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Your Guide to Adult Vaccination

PLAY VIDEO Adult Vaccines (CDC) The value of a vaccination record Your vaccination record (sometimes called your immunization record) provides a history of all the vaccines you received as a child and adult. This record may be required for certain jobs, travel abroad, or school registration. Unfortunately, there is no national organization that maintains vaccination records. The records that exist are the ones you or your parents were given when the vaccines were administered and the ones in the medical record of the doctor or clinic where the vaccines were given. Talk with your healthcare provider about the best options to make sure you are up-todate on vaccines. If you need official copies of vaccination records, or if you need to update your personal records, there are several places you can look: ■■ Ask parents or other caregivers if they have records of your childhood immunizations. ■■ Try looking through baby books or other saved documents from your childhood. ■■ Check with your high school and/or college health services for dates of any immunizations. Keep in mind that generally records are kept only for 1-2 years after students leave the system. ■■ Check with previous employers (including the military) that may have required immunizations. ■■ Check with your doctor or public health clinic. Keep in mind that vaccination records are maintained at doctor’s offices for a limited number of years. ■■ Contact your state’s health department. Some states have registries (Immunization Information Systems) that include adult vaccines. Source: Centers for Disease Control and Prevention INFORMATION SERIES FOR ADULTS Vaccines Know What You Need ALL adults need vaccines to protect their health against common diseases that can be serious. There are four things to consider in determining which vaccines are recommended for you: 1. Vaccines every adult needs 2. Your age 3. Your health conditions, lifestyle, or job 4. International travel Talk to your healthcare professional at your next visit about which vaccines are right for you! 1. Vaccines every adult needs: Influenza (flu) WHO? All adults, including pregnant women during any trimester HOW OFTEN? Every flu season Tetanus, diphtheria, and pertussis (whooping cough) (Tdap) Tetanus and diphtheria (Td) WHO? All adults who have never received the Tdap vaccine and pregnant women HOW OFTEN? Everyone needs Tdap one time, no matter when you got your last tetanus (Td) vaccine. Pregnant women need a Tdap dose during every pregnancy. Td vaccine, to protect against tetanus and diphtheria, is needed every 10 years. 2. Vaccines you may need based on your age: Human papillomavirus (HPV) Recommended if you haven’t received the full 3-shot series WHO? Females age 26 or younger Males age 21 or younger Males age 26 or younger who have weakened immune systems or HIV, or have sex with men HOW OFTEN? One time series of three doses Measles, mumps, rubella (MMR)* Recommended as a catch up if you didn’t receive as a child WHO? Adults born in the United States in 1957 or later who have not received MMR vaccine, or who had lab tests that showed they are not immune to measles, mumps, and rubella HOW OFTEN? One time for most adults; however certain people like college students, international travelers, or healthcare professionals, should get two doses. Pneumococcal (pneumonia, meningitis) WHO? Adults 65 or older HOW OFTEN? Two pneumococcal vaccines are recommended. Get one dose of PCV13 (conjugate vaccine) followed by one dose of PPSV23 (polysaccharide vaccine), ideally 6-12 months later. Shingles (Zoster) WHO? Adults 60 or older HOW OFTEN? One time Varicella (chickenpox)* Recommended as a catch up if you didn’t receive as a child WHO? Adults born in the United States in 1980 or later who never had two doses of the vaccine or never had chickenpox HOW OFTEN? One time series of two doses *Live vaccines should not be given to pregnant women or people who have a very weakened immune system. That includes people with a CD4 count less than 200. DON’T WAIT. VACCINATE! Vaccines: Know What You Need Download/print this PDF My Adult Vaccination Record Take this card with you when you visit your healthcare provider. They can help you keep it up-to-date. Name: Birthdate: Your Guide to ADULT VACCINATION What You Need to Know About Protecting Your Health Brought to you as a public health service from the Association of Black Cardiologists. Vaccine Date Given Healthcare Provider/Clinic Next Dose Due Seasonal flu Tdap Tetanus, Diphtheria, Pertussis (Whooping Cough) HPV Human Papillomavirus Pneumococcal Zoster Shingles MMR Measles, Mumps, Rubella Meningococcal Varicella Chickenpox Hepatitis A Hepatitis B Hib Haemophilus influenza type b Other My Adult Vaccination Record Download/print this PDF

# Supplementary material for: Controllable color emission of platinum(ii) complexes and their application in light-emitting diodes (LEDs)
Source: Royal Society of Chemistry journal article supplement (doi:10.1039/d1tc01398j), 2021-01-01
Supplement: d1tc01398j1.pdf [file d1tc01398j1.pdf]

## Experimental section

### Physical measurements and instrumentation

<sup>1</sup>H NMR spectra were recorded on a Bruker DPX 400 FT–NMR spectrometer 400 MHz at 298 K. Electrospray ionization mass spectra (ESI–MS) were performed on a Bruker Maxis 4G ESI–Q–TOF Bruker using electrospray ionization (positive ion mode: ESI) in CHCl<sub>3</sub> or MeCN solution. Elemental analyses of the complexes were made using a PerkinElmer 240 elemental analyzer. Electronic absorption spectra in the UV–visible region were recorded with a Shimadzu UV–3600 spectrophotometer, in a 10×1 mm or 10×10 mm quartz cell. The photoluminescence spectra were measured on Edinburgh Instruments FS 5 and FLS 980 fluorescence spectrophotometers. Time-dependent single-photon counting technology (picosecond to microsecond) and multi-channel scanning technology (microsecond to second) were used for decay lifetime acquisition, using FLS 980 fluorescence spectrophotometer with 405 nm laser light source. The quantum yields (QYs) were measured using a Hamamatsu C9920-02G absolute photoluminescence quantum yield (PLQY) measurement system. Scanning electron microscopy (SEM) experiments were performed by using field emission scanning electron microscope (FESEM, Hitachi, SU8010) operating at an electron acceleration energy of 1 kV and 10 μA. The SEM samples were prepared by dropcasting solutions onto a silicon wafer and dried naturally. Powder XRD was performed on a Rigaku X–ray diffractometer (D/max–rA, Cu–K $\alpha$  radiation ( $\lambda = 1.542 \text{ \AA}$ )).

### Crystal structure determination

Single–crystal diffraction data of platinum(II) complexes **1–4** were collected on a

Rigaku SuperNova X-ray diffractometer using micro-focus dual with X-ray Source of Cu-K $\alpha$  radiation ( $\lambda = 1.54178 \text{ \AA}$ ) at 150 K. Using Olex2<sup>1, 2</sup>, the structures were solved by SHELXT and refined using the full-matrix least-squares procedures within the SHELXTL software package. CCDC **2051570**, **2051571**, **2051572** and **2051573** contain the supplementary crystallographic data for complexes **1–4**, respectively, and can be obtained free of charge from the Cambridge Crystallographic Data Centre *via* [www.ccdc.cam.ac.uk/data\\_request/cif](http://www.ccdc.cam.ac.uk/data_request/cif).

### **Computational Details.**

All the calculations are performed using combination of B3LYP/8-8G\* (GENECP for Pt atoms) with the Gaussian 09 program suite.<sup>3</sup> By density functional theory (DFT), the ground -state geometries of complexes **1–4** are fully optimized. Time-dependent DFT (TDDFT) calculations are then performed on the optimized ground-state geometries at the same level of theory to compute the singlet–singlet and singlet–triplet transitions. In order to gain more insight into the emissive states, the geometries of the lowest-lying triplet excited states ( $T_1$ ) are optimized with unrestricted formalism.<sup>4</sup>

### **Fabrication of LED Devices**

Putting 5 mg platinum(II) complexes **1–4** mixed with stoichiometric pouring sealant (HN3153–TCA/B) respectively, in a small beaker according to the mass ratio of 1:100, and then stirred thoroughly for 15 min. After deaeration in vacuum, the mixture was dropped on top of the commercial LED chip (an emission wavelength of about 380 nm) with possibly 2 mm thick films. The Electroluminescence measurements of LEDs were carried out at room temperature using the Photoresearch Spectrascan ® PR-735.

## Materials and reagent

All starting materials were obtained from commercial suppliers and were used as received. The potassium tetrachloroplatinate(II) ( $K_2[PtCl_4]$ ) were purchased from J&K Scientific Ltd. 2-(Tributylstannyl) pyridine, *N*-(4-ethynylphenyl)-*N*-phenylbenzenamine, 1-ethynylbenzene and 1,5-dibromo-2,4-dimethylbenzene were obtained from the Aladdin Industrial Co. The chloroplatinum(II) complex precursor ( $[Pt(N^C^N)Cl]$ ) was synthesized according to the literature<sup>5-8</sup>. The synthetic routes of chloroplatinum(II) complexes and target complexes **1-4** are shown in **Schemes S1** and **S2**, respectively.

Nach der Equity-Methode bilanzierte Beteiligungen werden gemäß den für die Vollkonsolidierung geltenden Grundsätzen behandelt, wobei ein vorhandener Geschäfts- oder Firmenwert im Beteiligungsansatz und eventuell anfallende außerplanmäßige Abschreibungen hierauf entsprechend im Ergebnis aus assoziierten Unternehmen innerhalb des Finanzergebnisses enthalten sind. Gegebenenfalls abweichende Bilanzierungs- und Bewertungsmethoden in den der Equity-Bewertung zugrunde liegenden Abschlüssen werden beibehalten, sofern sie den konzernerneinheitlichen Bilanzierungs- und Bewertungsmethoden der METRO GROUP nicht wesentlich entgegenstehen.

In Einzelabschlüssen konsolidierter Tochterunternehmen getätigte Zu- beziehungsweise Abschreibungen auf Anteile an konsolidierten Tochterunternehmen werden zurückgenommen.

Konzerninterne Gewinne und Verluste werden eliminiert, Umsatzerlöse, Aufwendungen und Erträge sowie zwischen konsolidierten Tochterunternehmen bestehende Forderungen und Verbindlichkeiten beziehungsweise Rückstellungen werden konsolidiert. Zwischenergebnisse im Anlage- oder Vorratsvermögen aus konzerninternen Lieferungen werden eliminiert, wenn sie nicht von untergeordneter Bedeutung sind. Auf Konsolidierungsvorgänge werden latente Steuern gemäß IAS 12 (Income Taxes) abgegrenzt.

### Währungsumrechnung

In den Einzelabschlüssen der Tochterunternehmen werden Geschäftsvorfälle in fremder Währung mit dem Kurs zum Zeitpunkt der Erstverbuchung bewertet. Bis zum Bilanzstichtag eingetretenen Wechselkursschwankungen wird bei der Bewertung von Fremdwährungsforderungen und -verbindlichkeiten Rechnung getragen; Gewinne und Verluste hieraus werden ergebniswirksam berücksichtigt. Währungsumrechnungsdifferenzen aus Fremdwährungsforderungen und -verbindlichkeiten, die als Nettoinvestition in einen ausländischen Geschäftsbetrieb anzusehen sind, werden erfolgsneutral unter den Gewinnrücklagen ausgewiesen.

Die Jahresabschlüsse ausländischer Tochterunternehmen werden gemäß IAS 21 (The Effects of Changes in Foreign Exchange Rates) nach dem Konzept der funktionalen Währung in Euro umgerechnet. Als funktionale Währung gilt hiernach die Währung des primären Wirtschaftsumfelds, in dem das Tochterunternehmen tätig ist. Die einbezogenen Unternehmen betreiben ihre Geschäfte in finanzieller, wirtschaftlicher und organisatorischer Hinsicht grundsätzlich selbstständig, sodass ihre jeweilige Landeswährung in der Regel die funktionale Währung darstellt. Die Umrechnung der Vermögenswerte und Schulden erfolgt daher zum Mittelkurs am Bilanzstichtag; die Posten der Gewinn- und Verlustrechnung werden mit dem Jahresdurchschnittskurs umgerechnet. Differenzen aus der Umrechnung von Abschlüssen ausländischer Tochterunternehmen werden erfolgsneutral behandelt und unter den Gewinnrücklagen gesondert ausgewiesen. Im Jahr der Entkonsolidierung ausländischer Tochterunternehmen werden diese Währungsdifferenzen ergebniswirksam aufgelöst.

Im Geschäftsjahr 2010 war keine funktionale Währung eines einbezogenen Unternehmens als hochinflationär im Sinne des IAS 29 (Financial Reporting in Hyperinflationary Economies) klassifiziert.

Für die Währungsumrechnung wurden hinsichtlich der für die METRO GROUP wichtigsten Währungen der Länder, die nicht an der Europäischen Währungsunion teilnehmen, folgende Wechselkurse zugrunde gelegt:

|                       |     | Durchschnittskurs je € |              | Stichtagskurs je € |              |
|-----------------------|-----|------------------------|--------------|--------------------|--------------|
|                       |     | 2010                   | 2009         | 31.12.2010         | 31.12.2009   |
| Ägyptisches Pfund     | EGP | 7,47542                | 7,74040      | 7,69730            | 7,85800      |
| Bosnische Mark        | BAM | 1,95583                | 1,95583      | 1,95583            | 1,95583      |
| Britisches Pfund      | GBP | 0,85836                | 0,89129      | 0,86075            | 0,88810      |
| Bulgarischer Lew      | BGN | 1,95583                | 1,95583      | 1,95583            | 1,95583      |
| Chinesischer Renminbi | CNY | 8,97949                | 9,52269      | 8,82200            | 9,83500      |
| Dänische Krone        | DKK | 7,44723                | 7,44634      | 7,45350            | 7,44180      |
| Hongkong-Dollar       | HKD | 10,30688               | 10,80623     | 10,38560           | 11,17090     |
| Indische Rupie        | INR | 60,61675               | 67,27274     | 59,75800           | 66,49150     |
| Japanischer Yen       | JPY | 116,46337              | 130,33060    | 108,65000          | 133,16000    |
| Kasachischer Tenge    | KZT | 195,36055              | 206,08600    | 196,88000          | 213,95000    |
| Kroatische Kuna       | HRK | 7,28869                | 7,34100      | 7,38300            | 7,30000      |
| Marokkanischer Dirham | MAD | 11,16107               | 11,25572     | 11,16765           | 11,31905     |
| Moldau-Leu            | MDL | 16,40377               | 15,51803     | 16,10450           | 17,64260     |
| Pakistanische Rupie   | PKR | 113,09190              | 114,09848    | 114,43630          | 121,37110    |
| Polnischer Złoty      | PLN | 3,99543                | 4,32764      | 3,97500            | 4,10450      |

Your Guide to Adult Vaccination
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